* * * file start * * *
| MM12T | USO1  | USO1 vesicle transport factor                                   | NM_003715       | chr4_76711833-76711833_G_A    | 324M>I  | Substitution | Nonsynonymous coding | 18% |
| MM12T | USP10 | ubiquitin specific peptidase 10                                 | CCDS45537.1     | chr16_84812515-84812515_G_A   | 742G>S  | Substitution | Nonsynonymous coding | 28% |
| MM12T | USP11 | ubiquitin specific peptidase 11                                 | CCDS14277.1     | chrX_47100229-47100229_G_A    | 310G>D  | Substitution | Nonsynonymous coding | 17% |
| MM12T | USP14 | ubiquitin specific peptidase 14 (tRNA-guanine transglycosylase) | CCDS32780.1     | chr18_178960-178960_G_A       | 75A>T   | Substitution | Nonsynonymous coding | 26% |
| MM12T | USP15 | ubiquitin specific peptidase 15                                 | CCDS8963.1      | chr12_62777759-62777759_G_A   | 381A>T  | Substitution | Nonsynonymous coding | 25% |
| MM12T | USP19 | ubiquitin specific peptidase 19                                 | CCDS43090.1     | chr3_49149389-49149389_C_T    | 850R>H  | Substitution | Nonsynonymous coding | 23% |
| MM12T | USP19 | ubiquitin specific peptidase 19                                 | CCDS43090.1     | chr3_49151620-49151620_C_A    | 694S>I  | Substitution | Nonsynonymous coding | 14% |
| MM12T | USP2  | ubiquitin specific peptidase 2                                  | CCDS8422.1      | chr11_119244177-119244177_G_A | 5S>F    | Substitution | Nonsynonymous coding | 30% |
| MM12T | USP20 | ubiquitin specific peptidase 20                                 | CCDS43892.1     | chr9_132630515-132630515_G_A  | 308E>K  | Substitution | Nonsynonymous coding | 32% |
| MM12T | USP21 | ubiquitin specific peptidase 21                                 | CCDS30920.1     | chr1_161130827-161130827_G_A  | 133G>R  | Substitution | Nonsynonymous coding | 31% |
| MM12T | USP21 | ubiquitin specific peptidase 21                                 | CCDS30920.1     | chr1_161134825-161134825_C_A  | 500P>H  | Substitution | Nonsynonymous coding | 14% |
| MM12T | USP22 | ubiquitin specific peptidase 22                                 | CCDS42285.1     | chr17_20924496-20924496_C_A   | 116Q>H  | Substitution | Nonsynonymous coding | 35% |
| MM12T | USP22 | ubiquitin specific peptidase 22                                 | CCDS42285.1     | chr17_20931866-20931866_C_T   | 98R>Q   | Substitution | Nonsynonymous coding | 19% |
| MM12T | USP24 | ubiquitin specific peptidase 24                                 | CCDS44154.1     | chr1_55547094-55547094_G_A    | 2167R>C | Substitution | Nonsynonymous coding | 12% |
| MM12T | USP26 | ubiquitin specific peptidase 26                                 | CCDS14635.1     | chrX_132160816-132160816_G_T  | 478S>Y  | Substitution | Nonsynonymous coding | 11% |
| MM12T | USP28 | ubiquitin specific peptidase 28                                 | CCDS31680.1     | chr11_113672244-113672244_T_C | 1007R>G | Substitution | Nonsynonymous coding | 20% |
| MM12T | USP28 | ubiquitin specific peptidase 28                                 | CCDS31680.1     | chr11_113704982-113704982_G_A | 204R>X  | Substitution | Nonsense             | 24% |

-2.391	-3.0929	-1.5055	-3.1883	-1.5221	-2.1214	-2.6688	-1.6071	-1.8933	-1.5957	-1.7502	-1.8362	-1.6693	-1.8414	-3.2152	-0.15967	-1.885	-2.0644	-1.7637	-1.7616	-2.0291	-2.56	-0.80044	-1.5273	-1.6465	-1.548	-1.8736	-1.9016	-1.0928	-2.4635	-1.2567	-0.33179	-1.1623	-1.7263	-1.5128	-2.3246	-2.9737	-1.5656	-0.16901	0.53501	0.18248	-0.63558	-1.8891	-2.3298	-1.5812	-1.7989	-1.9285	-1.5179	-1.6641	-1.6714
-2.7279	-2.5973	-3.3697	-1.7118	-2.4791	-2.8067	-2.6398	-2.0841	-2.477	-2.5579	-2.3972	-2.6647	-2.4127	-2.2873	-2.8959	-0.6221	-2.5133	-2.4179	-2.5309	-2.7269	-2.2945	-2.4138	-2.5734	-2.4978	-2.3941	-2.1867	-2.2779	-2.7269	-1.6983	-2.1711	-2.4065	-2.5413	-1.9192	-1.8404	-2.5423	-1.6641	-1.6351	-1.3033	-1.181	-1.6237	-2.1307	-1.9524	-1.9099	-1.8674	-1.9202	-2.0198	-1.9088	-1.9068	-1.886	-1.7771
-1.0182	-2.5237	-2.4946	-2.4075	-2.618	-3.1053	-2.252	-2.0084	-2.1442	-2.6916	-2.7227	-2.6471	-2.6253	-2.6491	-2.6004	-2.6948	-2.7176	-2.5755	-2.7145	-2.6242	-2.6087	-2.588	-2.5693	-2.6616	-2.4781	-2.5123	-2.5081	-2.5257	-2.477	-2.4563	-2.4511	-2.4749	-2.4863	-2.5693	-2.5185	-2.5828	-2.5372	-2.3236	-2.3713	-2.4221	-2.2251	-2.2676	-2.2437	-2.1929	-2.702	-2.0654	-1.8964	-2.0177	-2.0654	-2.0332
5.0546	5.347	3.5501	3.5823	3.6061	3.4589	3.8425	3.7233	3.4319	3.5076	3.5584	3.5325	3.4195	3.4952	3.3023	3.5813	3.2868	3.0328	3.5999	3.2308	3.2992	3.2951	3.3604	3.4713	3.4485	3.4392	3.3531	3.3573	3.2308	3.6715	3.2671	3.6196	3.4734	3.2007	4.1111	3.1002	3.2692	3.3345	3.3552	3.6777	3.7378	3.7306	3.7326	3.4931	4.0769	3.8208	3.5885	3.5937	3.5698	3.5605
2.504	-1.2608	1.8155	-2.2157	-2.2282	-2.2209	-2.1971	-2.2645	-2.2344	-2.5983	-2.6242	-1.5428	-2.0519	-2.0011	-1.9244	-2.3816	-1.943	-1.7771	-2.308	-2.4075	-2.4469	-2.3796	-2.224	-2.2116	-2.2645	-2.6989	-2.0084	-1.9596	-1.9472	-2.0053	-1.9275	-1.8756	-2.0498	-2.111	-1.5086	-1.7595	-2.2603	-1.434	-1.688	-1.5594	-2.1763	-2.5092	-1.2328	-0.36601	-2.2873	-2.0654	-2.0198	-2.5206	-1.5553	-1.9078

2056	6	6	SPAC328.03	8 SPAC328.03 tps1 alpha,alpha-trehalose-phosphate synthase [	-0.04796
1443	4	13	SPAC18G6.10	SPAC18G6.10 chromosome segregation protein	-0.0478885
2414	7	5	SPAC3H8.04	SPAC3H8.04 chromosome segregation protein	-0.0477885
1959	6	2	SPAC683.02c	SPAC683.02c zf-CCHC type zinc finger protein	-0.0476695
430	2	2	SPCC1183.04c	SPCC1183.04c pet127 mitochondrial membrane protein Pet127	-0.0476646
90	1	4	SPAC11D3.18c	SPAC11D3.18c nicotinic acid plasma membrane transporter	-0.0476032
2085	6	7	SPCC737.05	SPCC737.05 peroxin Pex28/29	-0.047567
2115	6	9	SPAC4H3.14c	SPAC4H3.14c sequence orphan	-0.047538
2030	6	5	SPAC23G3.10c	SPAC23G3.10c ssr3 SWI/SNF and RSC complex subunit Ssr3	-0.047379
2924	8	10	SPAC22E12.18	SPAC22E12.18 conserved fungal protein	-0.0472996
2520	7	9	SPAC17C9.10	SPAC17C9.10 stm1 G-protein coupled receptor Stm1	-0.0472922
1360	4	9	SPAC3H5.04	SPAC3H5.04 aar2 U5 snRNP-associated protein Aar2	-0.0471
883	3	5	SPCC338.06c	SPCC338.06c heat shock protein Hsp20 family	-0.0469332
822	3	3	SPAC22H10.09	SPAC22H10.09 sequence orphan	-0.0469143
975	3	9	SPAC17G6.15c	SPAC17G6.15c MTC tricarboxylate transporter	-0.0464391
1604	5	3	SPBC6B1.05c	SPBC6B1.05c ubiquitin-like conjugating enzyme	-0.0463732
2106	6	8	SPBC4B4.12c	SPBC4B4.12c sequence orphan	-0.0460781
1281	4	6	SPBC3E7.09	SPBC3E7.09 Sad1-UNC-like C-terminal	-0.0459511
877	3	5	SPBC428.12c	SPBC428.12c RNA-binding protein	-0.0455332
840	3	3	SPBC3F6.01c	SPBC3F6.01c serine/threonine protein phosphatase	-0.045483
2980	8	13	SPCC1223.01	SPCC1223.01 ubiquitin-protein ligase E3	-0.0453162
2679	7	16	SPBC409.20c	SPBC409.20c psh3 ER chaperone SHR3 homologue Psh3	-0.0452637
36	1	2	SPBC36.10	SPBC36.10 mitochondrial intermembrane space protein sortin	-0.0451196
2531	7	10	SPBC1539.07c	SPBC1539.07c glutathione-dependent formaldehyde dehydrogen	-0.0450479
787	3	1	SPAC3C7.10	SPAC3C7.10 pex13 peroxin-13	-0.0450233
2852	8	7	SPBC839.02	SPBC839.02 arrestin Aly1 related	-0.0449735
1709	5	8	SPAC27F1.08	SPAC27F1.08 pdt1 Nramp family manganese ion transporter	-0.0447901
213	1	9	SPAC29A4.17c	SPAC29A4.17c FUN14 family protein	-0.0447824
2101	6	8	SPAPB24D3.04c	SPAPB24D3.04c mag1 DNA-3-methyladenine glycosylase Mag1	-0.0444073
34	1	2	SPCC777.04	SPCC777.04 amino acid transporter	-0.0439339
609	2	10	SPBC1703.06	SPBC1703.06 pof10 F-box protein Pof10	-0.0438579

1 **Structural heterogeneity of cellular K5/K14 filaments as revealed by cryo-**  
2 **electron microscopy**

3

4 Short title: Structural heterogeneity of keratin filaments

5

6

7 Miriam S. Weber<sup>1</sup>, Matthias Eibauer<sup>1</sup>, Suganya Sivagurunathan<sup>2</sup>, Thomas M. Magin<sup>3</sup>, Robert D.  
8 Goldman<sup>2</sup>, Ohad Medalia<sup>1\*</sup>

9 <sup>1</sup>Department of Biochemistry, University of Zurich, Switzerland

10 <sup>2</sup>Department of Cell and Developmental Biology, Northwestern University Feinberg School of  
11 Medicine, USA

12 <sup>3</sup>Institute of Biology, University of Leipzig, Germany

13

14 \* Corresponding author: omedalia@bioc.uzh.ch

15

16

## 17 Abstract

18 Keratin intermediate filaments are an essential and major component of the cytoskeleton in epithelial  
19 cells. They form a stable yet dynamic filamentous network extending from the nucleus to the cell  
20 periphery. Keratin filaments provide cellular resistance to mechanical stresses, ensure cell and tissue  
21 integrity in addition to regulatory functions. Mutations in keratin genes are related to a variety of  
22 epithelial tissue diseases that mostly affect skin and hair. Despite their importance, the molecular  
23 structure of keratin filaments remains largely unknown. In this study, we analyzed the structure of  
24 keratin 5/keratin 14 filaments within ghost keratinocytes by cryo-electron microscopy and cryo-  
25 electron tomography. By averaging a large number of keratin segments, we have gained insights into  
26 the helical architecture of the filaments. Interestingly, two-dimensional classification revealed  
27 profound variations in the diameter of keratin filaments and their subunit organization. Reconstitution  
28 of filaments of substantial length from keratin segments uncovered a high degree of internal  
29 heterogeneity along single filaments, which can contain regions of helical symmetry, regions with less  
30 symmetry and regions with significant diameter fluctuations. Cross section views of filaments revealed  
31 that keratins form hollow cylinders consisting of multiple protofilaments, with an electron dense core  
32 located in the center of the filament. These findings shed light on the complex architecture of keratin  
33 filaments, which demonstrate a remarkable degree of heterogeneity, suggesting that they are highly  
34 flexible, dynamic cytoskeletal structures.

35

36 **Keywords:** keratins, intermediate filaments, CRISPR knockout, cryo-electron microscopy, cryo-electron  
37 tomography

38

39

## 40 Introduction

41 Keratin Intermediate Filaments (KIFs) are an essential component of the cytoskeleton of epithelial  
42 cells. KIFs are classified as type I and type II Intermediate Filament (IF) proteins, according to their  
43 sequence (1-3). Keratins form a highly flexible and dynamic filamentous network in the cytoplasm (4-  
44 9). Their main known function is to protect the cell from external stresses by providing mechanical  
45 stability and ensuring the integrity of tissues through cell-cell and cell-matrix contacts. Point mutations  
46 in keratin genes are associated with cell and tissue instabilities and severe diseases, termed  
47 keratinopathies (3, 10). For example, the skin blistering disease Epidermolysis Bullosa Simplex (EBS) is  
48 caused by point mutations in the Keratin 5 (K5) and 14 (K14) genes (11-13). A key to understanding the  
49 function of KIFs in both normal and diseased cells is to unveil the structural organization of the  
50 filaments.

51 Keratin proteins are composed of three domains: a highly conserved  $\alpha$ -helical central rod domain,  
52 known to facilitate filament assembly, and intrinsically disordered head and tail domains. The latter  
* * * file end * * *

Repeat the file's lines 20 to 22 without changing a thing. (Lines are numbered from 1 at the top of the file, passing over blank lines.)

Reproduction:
-1.0182	-2.5237	-2.4946	-2.4075	-2.618	-3.1053	-2.252	-2.0084	-2.1442	-2.6916	-2.7227	-2.6471	-2.6253	-2.6491	-2.6004	-2.6948	-2.7176	-2.5755	-2.7145	-2.6242	-2.6087	-2.588	-2.5693	-2.6616	-2.4781	-2.5123	-2.5081	-2.5257	-2.477	-2.4563	-2.4511	-2.4749	-2.4863	-2.5693	-2.5185	-2.5828	-2.5372	-2.3236	-2.3713	-2.4221	-2.2251	-2.2676	-2.2437	-2.1929	-2.702	-2.0654	-1.8964	-2.0177	-2.0654	-2.0332
5.0546	5.347	3.5501	3.5823	3.6061	3.4589	3.8425	3.7233	3.4319	3.5076	3.5584	3.5325	3.4195	3.4952	3.3023	3.5813	3.2868	3.0328	3.5999	3.2308	3.2992	3.2951	3.3604	3.4713	3.4485	3.4392	3.3531	3.3573	3.2308	3.6715	3.2671	3.6196	3.4734	3.2007	4.1111	3.1002	3.2692	3.3345	3.3552	3.6777	3.7378	3.7306	3.7326	3.4931	4.0769	3.8208	3.5885	3.5937	3.5698	3.5605
2.504	-1.2608	1.8155	-2.2157	-2.2282	-2.2209	-2.1971	-2.2645	-2.2344	-2.5983	-2.6242	-1.5428	-2.0519	-2.0011	-1.9244	-2.3816	-1.943	-1.7771	-2.308	-2.4075	-2.4469	-2.3796	-2.224	-2.2116	-2.2645	-2.6989	-2.0084	-1.9596	-1.9472	-2.0053	-1.9275	-1.8756	-2.0498	-2.111	-1.5086	-1.7595	-2.2603	-1.434	-1.688	-1.5594	-2.1763	-2.5092	-1.2328	-0.36601	-2.2873	-2.0654	-2.0198	-2.5206	-1.5553	-1.9078